I recently stumbled upon a site called the InternetArchive (http://www.archive.org) that is trying to become an authorative internet library. Good luck on that project, but what is interesting is that they are creating an archive of documentary films and movies.
Blog - Links to other blogs: July 2005 Archives
Cambridge in Colour has a very nice section titled Digital Photography Tutorials: "This section includes tutorials on how to acquire, interpret and process digital photographs." It includes topics such as:
- - A Background on Color Perception
- - Understanding Bit Depth
- - Understanding Image Noise, Part 1: Concept and Types
- - Understanding Depth of Field
- - Using "Levels" in Photoshop
- - Averaging Images to Reduce Noise
- - Understanding the Hyperfocal Distance
- - Techniques for Minimizing Lens Flare at Night
- - Understanding How Dynamic Range, Tone Curves and Local and Global Contrast Interrelate
- - Plus many more...
The British Medical Journal online web site reports: Image of disabled children wins award (Cohen 331 (7511): 254 -- BMJ):
Alone in the Dark, part of a series of three photographs focussing on disabled children in institutional care in India by photographer Kurt Tong, was the winner of this years Luis Valtuea International Humanitarian Photography Award.
The award, established in Spain in 1998 by Mdicos del Mundo, part of the Mdecins du Monde network, was set up as a tribute to humanitarian workers killed while working in Rwanda and Bosnia-Hercegovina.
... The exhibition is at The Frontline Club, 13 Norfolk Place, London W2 1QJ from until 5 September. See www.thefrontlineclub.com.
The New York Daily News reports that the MTA has a secret film file on photographers:
"MTA investigators are keeping a secret database of people stopped and questioned for filming or photographing bridges and tunnels as part of the agency's efforts to thwart terror, the Daily News has learned.
The information is used to try to determine whether shutterbugs are simply putting together vacation slide shows - or gathering intelligence to plot mayhem, law enforcement sources said."
If this is true, this is very disturbing. Both amateur and professional photographers are being turned into modern day boogeypeople. And when a terrorist incident happens, what do the authorities want? They want people to send them their tourist snapshots so that they can try to see if they can spot the bad guys before the act. Argh!!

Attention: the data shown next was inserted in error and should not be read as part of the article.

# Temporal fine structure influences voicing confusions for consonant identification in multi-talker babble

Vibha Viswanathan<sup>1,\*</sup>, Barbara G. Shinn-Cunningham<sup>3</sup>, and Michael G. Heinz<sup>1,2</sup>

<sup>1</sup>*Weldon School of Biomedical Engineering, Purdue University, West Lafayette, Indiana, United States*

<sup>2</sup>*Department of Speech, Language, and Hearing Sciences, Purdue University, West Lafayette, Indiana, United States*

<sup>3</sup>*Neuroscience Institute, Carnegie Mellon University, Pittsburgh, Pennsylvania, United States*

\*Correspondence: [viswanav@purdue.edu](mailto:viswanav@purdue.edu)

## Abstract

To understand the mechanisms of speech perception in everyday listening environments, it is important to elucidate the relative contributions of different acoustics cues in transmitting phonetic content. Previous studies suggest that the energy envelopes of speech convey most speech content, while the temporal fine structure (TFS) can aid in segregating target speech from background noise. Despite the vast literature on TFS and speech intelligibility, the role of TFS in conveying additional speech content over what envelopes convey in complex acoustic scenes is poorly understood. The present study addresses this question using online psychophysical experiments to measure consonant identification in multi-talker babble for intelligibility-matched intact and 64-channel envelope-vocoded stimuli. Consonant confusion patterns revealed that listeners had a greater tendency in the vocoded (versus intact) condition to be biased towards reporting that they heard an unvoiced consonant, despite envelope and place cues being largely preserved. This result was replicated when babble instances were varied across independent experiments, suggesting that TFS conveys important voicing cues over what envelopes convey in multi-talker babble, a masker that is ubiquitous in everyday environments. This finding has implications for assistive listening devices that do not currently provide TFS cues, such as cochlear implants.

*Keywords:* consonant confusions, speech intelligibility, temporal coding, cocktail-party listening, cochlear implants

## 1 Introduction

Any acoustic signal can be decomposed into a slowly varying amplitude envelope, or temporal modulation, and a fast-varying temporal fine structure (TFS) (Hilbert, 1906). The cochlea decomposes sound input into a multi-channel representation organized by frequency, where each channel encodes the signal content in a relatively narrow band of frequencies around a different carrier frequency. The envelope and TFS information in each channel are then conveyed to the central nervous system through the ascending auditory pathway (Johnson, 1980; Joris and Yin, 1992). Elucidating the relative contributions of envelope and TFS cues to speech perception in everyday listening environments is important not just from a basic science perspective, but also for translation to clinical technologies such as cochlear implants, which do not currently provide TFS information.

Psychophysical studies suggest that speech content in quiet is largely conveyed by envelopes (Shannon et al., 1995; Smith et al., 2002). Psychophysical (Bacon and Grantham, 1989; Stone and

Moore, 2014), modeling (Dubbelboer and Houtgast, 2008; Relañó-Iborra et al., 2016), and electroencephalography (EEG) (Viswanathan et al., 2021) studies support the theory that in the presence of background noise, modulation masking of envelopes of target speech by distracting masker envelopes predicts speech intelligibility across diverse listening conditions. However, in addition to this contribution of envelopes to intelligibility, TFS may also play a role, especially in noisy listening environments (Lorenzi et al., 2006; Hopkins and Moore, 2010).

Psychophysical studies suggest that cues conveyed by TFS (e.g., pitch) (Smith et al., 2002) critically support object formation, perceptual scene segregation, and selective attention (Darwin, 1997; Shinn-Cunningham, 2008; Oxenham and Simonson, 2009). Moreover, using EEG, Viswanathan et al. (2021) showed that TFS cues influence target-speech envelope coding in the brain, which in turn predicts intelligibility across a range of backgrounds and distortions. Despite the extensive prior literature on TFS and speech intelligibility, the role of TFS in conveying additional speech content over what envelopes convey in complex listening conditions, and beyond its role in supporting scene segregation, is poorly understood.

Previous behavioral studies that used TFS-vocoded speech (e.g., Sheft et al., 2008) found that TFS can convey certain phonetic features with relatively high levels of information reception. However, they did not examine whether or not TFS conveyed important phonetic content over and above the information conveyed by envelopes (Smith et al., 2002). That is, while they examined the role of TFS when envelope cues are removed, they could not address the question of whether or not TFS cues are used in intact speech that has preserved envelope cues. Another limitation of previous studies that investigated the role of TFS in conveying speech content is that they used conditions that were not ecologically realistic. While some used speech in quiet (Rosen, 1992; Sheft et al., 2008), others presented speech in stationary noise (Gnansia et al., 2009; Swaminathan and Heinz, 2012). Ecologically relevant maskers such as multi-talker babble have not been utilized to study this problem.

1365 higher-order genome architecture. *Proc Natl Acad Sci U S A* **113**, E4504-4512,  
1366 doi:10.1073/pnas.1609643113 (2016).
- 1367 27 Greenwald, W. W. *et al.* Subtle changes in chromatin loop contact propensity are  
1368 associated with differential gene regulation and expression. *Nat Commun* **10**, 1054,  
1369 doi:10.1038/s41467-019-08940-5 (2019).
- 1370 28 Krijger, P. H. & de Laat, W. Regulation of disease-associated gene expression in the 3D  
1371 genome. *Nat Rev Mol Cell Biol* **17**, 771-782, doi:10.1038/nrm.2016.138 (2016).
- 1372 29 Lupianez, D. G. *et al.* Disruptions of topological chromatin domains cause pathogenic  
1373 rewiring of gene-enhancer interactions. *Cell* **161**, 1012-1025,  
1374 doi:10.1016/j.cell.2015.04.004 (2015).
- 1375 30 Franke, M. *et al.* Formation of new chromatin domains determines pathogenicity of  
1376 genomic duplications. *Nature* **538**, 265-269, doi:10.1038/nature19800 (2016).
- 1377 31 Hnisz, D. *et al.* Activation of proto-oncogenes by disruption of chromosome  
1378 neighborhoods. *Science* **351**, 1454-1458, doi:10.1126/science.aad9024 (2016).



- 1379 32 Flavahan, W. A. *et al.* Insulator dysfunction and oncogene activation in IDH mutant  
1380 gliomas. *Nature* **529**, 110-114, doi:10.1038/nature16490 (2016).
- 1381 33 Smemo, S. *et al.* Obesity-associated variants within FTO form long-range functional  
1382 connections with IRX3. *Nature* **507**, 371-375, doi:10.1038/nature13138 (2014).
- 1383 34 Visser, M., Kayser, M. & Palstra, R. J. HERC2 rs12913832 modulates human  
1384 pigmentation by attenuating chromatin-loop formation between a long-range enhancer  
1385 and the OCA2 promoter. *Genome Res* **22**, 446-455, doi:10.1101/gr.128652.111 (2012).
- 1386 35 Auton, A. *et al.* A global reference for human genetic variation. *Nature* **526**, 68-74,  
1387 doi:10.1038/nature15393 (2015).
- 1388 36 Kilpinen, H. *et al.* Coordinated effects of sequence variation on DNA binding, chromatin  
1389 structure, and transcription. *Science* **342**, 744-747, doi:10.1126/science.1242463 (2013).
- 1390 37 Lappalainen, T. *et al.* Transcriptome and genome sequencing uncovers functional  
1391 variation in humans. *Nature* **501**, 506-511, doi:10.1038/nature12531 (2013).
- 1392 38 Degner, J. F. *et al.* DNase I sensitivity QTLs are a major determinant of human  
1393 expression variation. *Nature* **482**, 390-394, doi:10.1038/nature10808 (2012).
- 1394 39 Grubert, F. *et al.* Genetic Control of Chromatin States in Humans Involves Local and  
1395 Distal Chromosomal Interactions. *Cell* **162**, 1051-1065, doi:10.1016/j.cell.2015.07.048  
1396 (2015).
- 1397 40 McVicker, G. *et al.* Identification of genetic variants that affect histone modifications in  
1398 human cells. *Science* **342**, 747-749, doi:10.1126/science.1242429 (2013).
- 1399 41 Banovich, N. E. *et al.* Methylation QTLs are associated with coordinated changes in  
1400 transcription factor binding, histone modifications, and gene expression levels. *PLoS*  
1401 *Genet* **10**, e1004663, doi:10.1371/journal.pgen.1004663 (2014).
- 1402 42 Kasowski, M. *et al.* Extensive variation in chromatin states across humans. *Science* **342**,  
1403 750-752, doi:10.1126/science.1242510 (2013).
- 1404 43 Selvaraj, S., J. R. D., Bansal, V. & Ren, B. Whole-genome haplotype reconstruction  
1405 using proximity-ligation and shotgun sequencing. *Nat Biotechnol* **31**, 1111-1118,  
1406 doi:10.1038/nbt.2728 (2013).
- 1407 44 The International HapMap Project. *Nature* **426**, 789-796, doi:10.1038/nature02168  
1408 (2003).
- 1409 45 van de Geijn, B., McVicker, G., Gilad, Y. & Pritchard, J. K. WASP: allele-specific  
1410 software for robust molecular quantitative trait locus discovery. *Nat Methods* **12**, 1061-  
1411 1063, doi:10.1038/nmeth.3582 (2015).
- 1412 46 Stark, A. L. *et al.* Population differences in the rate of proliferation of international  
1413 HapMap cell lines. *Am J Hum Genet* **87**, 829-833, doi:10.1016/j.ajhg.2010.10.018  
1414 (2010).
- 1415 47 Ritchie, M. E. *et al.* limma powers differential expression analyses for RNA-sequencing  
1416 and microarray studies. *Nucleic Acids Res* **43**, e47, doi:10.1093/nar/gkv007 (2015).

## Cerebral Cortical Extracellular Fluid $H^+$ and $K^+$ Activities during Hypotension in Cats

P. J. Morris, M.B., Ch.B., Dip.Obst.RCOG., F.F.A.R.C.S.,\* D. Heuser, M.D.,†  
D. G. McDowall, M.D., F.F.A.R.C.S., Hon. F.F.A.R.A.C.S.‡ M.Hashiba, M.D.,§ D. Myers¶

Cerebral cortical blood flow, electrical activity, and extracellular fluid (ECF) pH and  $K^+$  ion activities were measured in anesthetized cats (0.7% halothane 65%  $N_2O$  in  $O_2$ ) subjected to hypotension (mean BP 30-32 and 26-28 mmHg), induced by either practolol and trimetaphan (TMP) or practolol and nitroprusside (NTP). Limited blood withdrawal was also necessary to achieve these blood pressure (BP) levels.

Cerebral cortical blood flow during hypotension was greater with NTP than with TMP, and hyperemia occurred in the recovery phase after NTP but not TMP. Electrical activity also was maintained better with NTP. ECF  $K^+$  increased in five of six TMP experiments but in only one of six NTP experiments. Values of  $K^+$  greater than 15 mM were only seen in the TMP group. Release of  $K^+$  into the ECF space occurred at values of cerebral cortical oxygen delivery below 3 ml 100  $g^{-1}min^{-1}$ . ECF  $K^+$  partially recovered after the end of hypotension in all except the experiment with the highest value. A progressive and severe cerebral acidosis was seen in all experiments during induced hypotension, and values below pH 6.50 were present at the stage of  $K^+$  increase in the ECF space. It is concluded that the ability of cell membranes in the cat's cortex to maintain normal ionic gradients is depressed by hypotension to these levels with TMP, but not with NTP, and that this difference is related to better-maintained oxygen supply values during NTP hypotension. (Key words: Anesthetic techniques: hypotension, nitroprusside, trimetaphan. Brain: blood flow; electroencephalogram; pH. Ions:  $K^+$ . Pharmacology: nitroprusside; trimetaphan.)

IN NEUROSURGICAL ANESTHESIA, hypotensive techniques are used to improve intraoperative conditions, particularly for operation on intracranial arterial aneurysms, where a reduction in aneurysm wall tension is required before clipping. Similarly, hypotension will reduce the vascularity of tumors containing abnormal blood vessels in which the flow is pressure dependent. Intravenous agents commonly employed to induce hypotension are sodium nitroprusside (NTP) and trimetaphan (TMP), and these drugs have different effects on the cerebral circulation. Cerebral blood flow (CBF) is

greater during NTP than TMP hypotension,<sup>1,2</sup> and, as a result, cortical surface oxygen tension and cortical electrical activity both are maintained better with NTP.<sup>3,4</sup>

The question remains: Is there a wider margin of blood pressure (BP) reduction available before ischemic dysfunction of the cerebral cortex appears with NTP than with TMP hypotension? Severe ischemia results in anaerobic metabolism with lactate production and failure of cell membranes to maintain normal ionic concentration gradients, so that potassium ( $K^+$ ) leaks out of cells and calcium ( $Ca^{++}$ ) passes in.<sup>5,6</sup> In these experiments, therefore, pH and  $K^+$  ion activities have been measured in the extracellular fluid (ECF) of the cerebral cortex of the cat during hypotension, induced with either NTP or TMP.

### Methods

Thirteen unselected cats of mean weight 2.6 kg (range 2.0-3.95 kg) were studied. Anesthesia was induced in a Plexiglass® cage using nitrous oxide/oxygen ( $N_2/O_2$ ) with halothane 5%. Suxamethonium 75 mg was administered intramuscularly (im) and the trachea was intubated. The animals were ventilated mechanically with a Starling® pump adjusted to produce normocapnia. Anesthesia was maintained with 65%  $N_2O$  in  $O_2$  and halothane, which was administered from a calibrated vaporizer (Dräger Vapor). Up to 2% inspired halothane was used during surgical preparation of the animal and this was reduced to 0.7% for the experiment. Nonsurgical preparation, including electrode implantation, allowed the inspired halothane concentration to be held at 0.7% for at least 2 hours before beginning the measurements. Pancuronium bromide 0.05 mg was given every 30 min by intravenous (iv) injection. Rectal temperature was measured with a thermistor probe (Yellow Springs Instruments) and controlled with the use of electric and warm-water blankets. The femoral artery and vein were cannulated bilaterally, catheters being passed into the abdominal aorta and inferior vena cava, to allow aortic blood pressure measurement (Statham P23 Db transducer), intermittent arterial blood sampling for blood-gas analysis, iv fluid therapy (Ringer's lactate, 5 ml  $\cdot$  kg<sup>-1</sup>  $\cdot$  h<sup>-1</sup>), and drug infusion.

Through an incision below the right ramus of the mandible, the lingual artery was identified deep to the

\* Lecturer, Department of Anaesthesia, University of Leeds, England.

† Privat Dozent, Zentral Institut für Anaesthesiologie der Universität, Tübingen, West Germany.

Peter Myers has a wonderful essay titled Enough Already! on the Luminous Landscape website:
When I am out in the field photographing, I enter what for me is a "sacred space." By this, I mean that I do not want to be disturbed in the field by the technology of the camera. Rather, I want to feel free, open to the moment and absorbed by the beauty of the view in front of me. It's not about the camera, but about the moment. Given my feelings, I do not want a computer strapped to the back of my lens, with twenty-plus levels of menus, more buttons than are needed to launch a nuclear missile, and the perpetual pause to monitor that "all systems are GO!"
The Leica M series camera has been in continuous development for FIFTY YEARS -- one camera body and lens system -- the same camera body and lens system.
Over the Leica M's fifty-year lifespan, this camera system has been refined in actual field use by some of the most prestigious names in photography, such Henri Cartier-Bresson, Alfred Eisenstaedt and Sebastiao Salgado. The camera has been slowly and conservatively shaped to create the essence of the minimal requirements of photography, at maximum performance. The camera system simply disappears, and it becomes a link between the photographer and the lens -- the two covalent elements of photography as an art form. "